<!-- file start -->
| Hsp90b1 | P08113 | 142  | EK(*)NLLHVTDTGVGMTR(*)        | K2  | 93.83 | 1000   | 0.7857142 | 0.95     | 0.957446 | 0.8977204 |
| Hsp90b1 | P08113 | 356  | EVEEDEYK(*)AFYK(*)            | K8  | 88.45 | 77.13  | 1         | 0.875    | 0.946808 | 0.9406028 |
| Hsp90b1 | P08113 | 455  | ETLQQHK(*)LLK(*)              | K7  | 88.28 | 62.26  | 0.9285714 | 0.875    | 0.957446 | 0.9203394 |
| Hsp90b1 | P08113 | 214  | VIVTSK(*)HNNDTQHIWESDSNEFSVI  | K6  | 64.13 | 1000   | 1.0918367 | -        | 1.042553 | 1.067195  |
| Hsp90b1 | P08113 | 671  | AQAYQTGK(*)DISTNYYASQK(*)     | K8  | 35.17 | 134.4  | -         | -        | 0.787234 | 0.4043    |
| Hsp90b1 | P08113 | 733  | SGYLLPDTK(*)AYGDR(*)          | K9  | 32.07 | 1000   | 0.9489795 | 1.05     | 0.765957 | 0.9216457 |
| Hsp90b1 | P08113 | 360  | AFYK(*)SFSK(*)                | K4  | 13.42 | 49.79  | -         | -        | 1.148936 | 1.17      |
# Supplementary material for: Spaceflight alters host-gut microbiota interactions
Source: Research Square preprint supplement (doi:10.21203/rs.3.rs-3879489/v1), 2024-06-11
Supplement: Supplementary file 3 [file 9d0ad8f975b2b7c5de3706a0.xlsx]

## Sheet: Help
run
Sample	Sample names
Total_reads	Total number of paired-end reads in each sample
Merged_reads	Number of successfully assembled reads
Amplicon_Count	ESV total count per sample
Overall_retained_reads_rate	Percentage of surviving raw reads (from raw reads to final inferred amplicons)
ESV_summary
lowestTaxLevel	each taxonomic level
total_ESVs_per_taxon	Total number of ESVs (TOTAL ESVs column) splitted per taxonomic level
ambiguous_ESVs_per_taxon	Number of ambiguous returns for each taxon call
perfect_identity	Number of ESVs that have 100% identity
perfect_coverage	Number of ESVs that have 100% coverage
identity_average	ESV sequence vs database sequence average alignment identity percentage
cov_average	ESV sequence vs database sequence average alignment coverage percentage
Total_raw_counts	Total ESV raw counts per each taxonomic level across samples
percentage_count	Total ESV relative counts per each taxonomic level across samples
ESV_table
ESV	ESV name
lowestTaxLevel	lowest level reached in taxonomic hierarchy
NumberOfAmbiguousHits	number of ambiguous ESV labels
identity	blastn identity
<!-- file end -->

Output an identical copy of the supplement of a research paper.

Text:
| Hsp90b1 | P08113 | 142  | EK(*)NLLHVTDTGVGMTR(*)        | K2  | 93.83 | 1000   | 0.7857142 | 0.95     | 0.957446 | 0.8977204 |
| Hsp90b1 | P08113 | 356  | EVEEDEYK(*)AFYK(*)            | K8  | 88.45 | 77.13  | 1         | 0.875    | 0.946808 | 0.9406028 |
| Hsp90b1 | P08113 | 455  | ETLQQHK(*)LLK(*)              | K7  | 88.28 | 62.26  | 0.9285714 | 0.875    | 0.957446 | 0.9203394 |
| Hsp90b1 | P08113 | 214  | VIVTSK(*)HNNDTQHIWESDSNEFSVI  | K6  | 64.13 | 1000   | 1.0918367 | -        | 1.042553 | 1.067195  |
| Hsp90b1 | P08113 | 671  | AQAYQTGK(*)DISTNYYASQK(*)     | K8  | 35.17 | 134.4  | -         | -        | 0.787234 | 0.4043    |
| Hsp90b1 | P08113 | 733  | SGYLLPDTK(*)AYGDR(*)          | K9  | 32.07 | 1000   | 0.9489795 | 1.05     | 0.765957 | 0.9216457 |
| Hsp90b1 | P08113 | 360  | AFYK(*)SFSK(*)                | K4  | 13.42 | 49.79  | -         | -        | 1.148936 | 1.17      |
# Supplementary material for: Spaceflight alters host-gut microbiota interactions
Source: Research Square preprint supplement (doi:10.21203/rs.3.rs-3879489/v1), 2024-06-11
Supplement: Supplementary file 3 [file 9d0ad8f975b2b7c5de3706a0.xlsx]

## Sheet: Help
run
Sample	Sample names
Total_reads	Total number of paired-end reads in each sample
Merged_reads	Number of successfully assembled reads
Amplicon_Count	ESV total count per sample
Overall_retained_reads_rate	Percentage of surviving raw reads (from raw reads to final inferred amplicons)
ESV_summary
lowestTaxLevel	each taxonomic level
total_ESVs_per_taxon	Total number of ESVs (TOTAL ESVs column) splitted per taxonomic level
ambiguous_ESVs_per_taxon	Number of ambiguous returns for each taxon call
perfect_identity	Number of ESVs that have 100% identity
perfect_coverage	Number of ESVs that have 100% coverage
identity_average	ESV sequence vs database sequence average alignment identity percentage
cov_average	ESV sequence vs database sequence average alignment coverage percentage
Total_raw_counts	Total ESV raw counts per each taxonomic level across samples
percentage_count	Total ESV relative counts per each taxonomic level across samples
ESV_table
ESV	ESV name
lowestTaxLevel	lowest level reached in taxonomic hierarchy
NumberOfAmbiguousHits	number of ambiguous ESV labels
identity	blastn identity